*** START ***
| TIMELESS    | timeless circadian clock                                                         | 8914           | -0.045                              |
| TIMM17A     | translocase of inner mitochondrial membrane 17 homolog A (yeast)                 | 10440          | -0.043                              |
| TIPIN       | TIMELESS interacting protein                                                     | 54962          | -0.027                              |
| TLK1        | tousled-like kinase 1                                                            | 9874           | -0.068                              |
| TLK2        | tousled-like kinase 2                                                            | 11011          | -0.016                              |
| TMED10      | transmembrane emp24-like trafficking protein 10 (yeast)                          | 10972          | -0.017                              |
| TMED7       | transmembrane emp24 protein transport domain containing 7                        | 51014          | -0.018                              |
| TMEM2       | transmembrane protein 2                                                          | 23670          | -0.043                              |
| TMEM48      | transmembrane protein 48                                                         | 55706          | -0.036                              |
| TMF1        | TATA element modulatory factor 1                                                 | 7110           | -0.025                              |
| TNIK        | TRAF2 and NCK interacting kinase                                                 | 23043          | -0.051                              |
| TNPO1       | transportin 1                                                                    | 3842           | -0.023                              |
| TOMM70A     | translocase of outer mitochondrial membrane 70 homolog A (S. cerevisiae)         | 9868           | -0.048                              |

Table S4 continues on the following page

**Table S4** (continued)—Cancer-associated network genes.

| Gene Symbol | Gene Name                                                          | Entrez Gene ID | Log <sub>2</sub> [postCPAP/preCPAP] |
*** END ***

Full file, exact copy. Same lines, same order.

| TIMELESS    | timeless circadian clock                                                         | 8914           | -0.045                              |
| TIMM17A     | translocase of inner mitochondrial membrane 17 homolog A (yeast)                 | 10440          | -0.043                              |
| TIPIN       | TIMELESS interacting protein                                                     | 54962          | -0.027                              |
| TLK1        | tousled-like kinase 1                                                            | 9874           | -0.068                              |
| TLK2        | tousled-like kinase 2                                                            | 11011          | -0.016                              |
| TMED10      | transmembrane emp24-like trafficking protein 10 (yeast)                          | 10972          | -0.017                              |
| TMED7       | transmembrane emp24 protein transport domain containing 7                        | 51014          | -0.018                              |
| TMEM2       | transmembrane protein 2                                                          | 23670          | -0.043                              |
| TMEM48      | transmembrane protein 48                                                         | 55706          | -0.036                              |
| TMF1        | TATA element modulatory factor 1                                                 | 7110           | -0.025                              |
| TNIK        | TRAF2 and NCK interacting kinase                                                 | 23043          | -0.051                              |
| TNPO1       | transportin 1                                                                    | 3842           | -0.023                              |
| TOMM70A     | translocase of outer mitochondrial membrane 70 homolog A (S. cerevisiae)         | 9868           | -0.048                              |

Table S4 continues on the following page

**Table S4** (continued)—Cancer-associated network genes.

| Gene Symbol | Gene Name                                                          | Entrez Gene ID | Log <sub>2</sub> [postCPAP/preCPAP] |